Emily Dickinson and Charles Wright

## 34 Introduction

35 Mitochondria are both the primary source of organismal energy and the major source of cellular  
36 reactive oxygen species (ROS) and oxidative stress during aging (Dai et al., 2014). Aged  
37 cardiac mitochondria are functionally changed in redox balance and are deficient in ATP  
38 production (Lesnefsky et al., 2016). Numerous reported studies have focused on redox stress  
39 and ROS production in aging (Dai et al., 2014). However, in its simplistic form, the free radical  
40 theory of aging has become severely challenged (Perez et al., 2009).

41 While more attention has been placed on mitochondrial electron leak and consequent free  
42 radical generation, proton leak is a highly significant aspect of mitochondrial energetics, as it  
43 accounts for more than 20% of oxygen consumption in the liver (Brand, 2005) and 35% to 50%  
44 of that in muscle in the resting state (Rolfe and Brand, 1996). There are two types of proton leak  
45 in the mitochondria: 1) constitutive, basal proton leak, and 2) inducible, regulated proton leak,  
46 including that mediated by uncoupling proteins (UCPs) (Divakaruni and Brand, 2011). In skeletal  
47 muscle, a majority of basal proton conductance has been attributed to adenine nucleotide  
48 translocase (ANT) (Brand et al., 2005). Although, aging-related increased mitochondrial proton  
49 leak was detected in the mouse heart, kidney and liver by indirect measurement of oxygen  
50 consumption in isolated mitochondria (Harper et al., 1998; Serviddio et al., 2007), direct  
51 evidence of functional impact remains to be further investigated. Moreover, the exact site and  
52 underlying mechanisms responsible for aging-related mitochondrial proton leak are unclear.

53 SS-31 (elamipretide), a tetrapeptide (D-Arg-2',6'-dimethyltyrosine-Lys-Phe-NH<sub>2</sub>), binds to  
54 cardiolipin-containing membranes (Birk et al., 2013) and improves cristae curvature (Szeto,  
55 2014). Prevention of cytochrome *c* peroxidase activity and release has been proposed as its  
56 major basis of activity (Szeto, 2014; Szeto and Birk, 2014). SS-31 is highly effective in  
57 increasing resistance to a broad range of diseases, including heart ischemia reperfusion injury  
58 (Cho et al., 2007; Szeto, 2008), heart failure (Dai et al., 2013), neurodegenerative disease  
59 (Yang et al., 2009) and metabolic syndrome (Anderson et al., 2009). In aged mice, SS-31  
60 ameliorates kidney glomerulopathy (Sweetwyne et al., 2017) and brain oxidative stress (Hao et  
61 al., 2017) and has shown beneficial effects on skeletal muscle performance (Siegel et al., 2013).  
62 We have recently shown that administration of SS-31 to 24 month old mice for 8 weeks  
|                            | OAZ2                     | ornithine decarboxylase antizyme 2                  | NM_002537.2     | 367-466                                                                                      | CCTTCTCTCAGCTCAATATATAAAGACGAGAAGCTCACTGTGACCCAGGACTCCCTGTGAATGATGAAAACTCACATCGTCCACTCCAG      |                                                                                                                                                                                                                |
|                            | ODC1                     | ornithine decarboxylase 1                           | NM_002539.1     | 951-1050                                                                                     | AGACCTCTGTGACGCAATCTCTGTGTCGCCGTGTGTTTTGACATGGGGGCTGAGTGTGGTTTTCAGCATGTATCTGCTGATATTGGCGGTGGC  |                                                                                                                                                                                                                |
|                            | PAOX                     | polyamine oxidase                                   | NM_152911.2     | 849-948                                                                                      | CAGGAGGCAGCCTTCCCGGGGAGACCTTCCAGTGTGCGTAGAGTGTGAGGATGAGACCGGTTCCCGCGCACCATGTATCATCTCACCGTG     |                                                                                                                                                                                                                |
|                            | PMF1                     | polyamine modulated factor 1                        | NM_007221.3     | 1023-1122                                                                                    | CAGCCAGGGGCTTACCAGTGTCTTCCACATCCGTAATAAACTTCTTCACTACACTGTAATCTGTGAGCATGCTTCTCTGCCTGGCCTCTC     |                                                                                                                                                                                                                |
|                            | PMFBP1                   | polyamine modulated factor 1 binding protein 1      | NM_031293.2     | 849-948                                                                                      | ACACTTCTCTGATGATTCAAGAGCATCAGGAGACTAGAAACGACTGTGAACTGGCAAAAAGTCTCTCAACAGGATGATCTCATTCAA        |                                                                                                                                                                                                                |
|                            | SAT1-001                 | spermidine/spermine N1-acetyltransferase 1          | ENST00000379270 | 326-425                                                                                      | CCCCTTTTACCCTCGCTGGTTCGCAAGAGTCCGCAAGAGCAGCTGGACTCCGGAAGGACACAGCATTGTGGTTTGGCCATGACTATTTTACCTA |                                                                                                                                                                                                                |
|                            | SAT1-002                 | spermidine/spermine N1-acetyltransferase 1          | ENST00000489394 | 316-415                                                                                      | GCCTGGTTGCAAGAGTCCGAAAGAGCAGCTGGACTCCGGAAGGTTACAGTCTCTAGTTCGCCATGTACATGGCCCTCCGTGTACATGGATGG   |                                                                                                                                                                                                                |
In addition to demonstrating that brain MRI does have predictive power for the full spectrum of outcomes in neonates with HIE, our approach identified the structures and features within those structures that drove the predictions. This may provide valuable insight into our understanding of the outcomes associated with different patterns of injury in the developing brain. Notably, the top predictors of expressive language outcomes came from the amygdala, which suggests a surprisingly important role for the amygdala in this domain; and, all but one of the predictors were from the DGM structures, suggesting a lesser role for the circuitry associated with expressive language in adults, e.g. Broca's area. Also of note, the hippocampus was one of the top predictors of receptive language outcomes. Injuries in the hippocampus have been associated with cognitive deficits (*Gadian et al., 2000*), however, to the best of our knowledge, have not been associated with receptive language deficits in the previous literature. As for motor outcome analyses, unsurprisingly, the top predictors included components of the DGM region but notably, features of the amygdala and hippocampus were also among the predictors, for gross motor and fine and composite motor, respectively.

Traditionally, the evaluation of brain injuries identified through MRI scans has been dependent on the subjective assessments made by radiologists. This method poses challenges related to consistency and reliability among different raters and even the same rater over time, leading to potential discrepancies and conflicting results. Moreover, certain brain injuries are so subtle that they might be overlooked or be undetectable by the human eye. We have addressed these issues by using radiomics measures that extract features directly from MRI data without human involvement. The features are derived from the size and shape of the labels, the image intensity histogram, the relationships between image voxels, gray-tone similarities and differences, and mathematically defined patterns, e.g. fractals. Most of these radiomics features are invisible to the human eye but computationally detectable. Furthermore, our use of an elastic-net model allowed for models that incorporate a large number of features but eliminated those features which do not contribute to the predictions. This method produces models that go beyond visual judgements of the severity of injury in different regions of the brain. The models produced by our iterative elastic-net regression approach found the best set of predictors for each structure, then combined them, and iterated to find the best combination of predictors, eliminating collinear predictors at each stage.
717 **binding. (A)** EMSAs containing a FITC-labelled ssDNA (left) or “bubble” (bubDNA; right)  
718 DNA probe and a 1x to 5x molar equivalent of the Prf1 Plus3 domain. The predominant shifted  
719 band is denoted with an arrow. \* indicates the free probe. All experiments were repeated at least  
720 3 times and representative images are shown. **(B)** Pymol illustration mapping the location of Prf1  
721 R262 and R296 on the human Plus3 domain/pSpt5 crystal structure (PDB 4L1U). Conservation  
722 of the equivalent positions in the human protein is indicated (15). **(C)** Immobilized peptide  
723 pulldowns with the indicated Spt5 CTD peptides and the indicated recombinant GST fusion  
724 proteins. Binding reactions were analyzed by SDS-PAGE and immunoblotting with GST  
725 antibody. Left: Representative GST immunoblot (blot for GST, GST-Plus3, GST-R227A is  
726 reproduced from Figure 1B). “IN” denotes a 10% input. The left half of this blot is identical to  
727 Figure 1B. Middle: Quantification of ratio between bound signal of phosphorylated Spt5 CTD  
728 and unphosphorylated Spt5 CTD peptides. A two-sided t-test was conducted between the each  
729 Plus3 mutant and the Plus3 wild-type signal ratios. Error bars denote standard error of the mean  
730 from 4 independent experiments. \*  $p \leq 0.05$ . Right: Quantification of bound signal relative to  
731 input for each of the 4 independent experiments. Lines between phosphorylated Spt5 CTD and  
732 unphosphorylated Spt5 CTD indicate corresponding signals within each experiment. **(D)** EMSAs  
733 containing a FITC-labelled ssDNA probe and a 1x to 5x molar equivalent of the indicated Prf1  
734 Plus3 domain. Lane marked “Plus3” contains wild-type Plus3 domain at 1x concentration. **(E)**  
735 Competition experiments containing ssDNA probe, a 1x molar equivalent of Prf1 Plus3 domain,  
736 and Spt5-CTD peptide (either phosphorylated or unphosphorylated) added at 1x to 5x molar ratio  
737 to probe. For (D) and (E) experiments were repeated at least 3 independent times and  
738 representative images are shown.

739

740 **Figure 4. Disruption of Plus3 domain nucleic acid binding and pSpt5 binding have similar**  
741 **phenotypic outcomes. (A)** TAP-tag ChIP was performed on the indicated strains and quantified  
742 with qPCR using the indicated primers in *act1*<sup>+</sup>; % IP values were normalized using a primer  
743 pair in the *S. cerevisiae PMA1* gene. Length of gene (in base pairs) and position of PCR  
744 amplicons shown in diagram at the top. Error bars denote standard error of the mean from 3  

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Faith and spirituality can be explored in the poetry of the New England poet Emily Dickinson and the Southern poet Charles Wright. Dickinson seeks for inspiration in the Bible, while Charles Wright looks to Dickinson as a source of information, guidance and inspiration. Wright suggest that “[Dickinson’s] poetry [is] an electron microscope trained on the infinite and the idea of God…. Her poems are immense voyages into the unknowable.”(Quarter) Charles Wright whose poetry captures a compilation of influences states that "There are three things, basically, that [he] writes about — language, landscape, and the idea of God." Dickinson and Wright centered their poetry in their belief in God and both share the influence of the Bible. Although, Emily Dickinson physically isolated herself from the world she managed to maintain friendships by communicating through correspondence. Ironically, Dickinson’s poetry was collected and published after her death. Dickinson explores life and death in most of her poems by questioning the existence of God. Dickinson applies common human experiences as images to illustrate the connection from the personal level of the human being, to a universal level of faith and God. This can be seen in Dickinson’s Poem (I, 45). There's something quieter than sleep Within this inner room! It wears a sprig upon its breast— And will not tell its name. Some touch it, and some kiss it— Some chafe its idle hand— It has a simple gravity I do not understand! I would not weep if I were they— How rude in one to sob! Might scare the quiet fairy Back to her native wood! While simple-hearted neighbors Chat of the "Early dead"— We—prone to periphrasis Remark that Birds have fled! Dickinson employs vivid impressions of death in this poem. In the first line, she employs the analogy between sleep and death; sleep is silent but death lives within silence. She uses the word “it” to help identify something other than human. She declares that “it….will not tell its name” as thought it refuses to speak and then resents the dead for its stillness and laziness. Then she acknowledges the attraction she has to death by doubting its “gravity”. In the third stanza, she expresses that she would not cry for the dead because not only is it offensive to the dead but it might panic the soul to return to dust. Christians believe that from the earth we are made and once we die, we return to the dust of the earth.

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